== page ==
Ontario to make it easier for immigrants to work in their professions
October 21, 2021
[REPRODUCED FROM THE CANADIAN PRESS]
Ontario is set to introduce legislation that would make it easier for immigrants to get licensed to work in professions that match their areas of expertise.
Labour Minister Monte McNaughton says the proposed legislation would, if passed, prevent many regulatory bodies from requiring immigrants to have Canadian work experience to get licensed.
It would also standardize English-language testing requirements and ensure licensing applications are processed faster.
McNaughton says the changes would help remove barriers immigrants often face when trying to work in their professions.
“It really is an injustice when you think of only 25 per cent of immigrants in Ontario work actually in jobs and professions that they were trained for,” he said in an interview.
“It’s all about improving their lives, ensuring that they get bigger paychecks and more worker protections.”
McNaughton says Ontario is facing a labour shortage as some 293,000 jobs are unfilled across the province.
The proposed legislation would apply to licensing bodies governing engineers, architects, teachers, accountants and social workers, among other. But it would not affect those regulating medical professions, including those that licence doctors and nurses.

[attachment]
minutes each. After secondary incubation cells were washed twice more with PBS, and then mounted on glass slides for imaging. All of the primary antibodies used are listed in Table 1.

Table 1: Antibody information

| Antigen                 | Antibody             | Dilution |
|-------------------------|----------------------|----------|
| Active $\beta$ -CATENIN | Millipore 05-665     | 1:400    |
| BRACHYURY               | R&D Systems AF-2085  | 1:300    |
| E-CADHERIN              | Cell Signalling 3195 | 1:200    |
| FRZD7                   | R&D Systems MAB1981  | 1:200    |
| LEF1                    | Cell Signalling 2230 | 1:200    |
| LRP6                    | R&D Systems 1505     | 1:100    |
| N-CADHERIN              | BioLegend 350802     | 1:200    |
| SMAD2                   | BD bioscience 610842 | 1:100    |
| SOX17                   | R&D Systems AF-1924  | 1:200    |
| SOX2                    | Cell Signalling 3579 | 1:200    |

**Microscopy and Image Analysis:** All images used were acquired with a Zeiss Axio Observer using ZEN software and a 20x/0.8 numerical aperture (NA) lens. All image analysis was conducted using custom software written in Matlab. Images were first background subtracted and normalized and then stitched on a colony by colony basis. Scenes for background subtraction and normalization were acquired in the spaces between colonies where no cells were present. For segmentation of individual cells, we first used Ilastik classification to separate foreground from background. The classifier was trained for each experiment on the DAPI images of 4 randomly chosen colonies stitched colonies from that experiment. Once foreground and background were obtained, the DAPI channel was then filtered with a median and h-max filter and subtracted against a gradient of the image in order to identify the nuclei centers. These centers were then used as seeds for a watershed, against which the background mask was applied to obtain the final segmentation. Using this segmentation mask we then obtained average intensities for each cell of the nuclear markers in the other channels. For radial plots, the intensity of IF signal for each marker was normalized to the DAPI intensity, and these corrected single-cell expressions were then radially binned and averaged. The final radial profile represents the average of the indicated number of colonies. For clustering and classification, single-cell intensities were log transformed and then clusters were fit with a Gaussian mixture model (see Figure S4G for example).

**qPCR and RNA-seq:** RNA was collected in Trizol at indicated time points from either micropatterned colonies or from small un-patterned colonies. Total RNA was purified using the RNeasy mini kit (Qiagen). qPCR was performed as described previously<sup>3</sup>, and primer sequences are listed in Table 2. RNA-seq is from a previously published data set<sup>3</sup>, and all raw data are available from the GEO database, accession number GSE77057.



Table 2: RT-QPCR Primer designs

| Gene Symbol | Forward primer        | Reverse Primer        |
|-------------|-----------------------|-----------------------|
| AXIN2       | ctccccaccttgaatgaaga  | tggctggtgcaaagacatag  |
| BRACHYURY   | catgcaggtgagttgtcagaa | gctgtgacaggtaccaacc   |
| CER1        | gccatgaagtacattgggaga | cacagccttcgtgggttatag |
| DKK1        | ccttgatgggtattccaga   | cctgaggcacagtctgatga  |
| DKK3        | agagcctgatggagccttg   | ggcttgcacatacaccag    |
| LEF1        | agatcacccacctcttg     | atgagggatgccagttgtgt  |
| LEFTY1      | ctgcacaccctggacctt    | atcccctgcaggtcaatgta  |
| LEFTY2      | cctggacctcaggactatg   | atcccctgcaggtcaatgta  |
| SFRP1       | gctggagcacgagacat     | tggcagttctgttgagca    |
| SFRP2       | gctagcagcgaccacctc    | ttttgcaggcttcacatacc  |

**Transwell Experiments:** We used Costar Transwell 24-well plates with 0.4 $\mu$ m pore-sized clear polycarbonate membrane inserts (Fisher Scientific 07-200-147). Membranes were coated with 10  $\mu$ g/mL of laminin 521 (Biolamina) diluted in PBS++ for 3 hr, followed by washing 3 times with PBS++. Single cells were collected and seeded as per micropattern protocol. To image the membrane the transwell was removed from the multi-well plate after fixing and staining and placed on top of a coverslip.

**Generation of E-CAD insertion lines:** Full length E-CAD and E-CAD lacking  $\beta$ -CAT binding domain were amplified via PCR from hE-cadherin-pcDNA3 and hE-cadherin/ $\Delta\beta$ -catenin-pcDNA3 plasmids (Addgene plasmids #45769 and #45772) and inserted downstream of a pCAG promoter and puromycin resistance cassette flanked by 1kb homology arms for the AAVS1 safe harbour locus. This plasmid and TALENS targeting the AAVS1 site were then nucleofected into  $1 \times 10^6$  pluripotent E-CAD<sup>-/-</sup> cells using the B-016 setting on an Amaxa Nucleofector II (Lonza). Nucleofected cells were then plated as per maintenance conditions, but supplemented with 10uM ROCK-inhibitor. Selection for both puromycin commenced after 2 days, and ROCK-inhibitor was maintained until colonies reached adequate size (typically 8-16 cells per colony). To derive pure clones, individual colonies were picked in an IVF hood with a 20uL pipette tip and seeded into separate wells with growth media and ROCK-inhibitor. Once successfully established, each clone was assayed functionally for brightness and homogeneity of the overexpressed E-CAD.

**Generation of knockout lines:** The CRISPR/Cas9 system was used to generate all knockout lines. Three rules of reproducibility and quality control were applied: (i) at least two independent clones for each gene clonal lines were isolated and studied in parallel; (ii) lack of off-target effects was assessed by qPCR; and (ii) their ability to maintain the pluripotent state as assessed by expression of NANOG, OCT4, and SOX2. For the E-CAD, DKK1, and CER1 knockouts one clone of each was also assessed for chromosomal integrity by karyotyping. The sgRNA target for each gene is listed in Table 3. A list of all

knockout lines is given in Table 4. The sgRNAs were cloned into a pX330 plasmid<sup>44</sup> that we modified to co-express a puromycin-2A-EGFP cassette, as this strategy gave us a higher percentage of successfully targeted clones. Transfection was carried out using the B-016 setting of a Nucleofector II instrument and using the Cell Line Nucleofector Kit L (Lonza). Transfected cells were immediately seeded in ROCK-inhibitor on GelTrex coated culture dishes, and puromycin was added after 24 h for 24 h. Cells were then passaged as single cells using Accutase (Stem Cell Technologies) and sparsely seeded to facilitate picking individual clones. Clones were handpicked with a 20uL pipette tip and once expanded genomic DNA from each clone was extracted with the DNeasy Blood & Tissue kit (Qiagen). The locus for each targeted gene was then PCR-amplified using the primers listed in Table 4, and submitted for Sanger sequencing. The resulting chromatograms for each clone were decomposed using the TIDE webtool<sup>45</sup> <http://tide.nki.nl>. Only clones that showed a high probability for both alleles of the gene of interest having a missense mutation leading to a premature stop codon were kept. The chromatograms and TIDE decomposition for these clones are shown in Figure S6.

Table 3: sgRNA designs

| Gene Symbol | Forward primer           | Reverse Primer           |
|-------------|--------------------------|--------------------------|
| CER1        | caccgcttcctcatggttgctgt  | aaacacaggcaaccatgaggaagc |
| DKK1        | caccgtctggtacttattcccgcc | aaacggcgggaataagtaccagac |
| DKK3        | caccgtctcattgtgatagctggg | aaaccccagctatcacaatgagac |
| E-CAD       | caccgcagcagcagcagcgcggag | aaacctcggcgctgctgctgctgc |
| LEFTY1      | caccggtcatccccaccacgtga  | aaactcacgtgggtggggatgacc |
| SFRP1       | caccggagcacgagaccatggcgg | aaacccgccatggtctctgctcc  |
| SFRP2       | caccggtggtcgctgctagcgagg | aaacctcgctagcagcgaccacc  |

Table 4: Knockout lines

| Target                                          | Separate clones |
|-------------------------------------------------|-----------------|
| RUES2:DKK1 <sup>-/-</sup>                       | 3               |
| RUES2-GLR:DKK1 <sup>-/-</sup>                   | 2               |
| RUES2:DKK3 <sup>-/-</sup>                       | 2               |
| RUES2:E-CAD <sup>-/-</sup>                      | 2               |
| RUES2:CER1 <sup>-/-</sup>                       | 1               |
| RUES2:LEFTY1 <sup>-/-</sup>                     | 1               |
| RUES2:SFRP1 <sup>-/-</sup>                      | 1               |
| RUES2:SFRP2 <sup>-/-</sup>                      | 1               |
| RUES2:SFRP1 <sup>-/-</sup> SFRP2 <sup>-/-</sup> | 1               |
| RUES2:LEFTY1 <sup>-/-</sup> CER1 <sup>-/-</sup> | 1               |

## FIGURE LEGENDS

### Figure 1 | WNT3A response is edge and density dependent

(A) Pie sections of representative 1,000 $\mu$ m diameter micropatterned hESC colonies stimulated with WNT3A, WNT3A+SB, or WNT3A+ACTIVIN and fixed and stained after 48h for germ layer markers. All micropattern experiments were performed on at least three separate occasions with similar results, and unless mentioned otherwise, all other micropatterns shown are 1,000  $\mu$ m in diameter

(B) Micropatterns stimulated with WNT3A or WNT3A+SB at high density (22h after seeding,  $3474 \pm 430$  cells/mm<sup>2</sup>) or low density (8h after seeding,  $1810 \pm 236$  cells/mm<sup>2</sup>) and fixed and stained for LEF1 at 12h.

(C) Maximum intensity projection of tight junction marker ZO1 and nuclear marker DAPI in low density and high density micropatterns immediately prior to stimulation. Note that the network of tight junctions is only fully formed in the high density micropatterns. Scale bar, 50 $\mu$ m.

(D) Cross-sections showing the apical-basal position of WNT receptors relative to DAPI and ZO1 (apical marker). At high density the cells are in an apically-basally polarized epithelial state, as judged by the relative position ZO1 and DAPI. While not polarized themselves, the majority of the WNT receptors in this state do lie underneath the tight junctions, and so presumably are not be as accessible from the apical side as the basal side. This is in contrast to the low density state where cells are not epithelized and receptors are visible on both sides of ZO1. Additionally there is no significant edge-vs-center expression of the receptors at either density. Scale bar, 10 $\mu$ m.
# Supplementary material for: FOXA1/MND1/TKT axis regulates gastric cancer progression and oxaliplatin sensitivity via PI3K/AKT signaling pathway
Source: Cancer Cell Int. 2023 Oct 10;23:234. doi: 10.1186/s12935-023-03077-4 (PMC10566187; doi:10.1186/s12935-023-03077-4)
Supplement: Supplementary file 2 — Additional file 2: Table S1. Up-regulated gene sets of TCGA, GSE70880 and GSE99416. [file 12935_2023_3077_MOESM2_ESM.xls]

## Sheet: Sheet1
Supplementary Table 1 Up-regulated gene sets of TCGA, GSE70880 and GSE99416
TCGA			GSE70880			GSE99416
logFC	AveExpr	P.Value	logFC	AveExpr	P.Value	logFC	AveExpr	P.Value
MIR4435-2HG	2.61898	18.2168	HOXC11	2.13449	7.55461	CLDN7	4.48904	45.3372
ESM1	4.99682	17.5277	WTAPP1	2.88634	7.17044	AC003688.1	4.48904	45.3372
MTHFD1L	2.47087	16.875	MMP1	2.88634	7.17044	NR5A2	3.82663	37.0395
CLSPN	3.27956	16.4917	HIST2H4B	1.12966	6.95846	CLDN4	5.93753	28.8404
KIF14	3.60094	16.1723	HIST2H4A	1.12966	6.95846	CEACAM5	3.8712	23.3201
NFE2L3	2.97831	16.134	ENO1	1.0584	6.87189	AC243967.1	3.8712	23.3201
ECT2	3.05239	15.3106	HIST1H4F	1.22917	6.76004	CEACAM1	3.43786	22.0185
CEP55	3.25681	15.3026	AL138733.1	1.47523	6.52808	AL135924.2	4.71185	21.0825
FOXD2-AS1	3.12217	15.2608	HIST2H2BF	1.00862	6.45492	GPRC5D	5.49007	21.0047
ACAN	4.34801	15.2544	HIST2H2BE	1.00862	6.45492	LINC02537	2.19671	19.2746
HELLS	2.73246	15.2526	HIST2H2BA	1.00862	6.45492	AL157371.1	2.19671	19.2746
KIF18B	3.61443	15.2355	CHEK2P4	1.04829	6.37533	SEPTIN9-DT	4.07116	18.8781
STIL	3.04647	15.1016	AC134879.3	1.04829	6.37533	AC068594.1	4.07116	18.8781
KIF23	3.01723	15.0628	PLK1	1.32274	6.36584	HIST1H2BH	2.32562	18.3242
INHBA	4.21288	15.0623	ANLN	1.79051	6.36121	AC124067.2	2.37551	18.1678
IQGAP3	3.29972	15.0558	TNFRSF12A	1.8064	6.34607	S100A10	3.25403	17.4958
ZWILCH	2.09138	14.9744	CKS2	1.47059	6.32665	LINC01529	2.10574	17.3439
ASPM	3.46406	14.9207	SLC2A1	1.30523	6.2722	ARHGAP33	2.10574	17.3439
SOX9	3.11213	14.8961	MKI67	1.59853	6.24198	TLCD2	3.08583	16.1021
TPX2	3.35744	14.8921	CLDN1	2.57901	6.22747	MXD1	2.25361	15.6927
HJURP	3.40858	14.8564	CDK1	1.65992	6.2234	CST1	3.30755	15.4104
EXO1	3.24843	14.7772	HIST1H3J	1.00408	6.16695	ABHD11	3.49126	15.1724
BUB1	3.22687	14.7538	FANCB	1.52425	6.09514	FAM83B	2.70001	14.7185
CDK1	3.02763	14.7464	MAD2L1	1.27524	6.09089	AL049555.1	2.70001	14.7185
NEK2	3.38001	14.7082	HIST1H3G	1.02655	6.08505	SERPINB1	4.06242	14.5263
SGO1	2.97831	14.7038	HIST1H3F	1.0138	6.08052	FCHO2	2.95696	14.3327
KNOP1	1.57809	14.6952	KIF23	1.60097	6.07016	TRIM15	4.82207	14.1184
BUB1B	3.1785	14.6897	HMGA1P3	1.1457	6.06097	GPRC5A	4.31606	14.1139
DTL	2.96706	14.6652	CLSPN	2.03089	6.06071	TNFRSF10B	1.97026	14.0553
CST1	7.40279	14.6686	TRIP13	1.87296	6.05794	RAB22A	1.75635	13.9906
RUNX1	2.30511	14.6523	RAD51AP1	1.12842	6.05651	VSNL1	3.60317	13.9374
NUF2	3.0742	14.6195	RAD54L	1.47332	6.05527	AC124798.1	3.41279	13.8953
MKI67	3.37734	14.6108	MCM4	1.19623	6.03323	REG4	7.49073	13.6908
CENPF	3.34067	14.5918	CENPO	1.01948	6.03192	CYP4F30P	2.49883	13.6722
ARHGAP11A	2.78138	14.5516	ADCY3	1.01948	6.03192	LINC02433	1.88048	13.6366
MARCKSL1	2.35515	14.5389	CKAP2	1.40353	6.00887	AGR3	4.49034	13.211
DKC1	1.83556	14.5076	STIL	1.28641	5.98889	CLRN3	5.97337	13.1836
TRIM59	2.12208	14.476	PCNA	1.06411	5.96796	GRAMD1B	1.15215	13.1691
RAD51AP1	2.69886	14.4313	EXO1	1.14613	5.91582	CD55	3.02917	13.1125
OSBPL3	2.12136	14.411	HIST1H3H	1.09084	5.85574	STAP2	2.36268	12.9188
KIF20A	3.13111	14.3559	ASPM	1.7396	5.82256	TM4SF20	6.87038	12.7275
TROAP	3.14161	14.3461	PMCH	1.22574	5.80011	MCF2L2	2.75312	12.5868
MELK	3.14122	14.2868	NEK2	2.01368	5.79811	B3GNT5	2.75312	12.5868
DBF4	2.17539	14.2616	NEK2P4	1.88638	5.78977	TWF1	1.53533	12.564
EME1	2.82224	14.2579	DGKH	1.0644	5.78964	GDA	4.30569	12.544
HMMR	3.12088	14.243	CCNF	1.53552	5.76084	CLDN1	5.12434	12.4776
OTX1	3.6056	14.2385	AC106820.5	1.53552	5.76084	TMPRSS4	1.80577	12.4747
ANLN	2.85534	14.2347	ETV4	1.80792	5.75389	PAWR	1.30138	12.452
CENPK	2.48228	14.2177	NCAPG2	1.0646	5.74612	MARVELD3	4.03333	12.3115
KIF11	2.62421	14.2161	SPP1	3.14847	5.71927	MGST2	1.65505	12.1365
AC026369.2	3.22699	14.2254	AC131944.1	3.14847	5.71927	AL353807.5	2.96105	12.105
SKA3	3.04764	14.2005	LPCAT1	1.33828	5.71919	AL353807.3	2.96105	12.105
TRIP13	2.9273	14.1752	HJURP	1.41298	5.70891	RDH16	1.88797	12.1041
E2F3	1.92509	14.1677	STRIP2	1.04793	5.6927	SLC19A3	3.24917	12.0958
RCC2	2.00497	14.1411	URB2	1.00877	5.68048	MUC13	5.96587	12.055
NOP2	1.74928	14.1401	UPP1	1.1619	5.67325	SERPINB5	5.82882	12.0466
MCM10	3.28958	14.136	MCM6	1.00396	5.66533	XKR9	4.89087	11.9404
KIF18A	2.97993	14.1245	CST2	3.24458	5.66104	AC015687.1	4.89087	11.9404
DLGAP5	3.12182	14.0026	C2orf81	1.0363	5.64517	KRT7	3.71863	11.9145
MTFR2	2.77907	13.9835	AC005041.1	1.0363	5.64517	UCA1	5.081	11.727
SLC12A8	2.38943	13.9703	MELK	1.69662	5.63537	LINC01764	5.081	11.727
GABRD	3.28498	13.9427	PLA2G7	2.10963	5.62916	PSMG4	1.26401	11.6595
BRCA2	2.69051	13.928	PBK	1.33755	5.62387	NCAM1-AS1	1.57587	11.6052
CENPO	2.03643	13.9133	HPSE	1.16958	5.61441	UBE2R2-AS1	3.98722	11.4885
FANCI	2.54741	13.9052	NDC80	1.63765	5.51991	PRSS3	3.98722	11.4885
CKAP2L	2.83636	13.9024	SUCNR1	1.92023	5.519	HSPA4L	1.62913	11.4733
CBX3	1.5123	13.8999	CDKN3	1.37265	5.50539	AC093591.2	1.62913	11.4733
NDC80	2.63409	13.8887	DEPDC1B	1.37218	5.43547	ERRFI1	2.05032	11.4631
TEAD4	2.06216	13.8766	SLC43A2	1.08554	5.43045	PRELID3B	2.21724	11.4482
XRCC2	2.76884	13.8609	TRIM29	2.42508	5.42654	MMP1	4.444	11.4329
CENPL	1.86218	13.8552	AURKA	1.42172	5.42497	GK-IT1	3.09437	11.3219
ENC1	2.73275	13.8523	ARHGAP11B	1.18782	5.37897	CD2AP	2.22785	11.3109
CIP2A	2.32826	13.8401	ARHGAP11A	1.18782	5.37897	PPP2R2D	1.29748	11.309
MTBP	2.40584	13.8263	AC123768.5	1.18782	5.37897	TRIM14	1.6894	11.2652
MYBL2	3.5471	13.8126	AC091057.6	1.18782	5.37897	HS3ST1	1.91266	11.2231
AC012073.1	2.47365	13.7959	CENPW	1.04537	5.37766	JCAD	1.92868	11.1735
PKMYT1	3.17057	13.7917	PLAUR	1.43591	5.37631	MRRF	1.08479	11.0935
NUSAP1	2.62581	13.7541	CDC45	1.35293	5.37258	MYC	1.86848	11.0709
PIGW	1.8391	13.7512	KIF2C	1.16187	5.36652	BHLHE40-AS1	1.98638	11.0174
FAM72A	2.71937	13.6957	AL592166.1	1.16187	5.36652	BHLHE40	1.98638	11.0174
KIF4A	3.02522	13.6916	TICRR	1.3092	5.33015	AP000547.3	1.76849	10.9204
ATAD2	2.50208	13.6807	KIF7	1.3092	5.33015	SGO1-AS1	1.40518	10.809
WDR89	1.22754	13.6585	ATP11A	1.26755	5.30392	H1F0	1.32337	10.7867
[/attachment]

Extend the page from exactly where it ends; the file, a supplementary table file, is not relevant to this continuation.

The legislation would also help internationally trained workers in 23 trades, including electricians, plumbers and hoisting engineers.
Licensing bodies would still be able to apply for exemptions that could require Canadian work experience, but that would need government approval, McNaughton said.
“They have to make a health and safety case, which would come to the minister for approval,” he said, noting that he hoped to see the changes brought by the legislation take effect in two years.
The director of engineering training projects at ACCES Employment, an organization that help newcomers find suitable jobs in Ontario, said removing the Canadian work experience requirement would help immigrant engineers get licensed and hired a lot faster.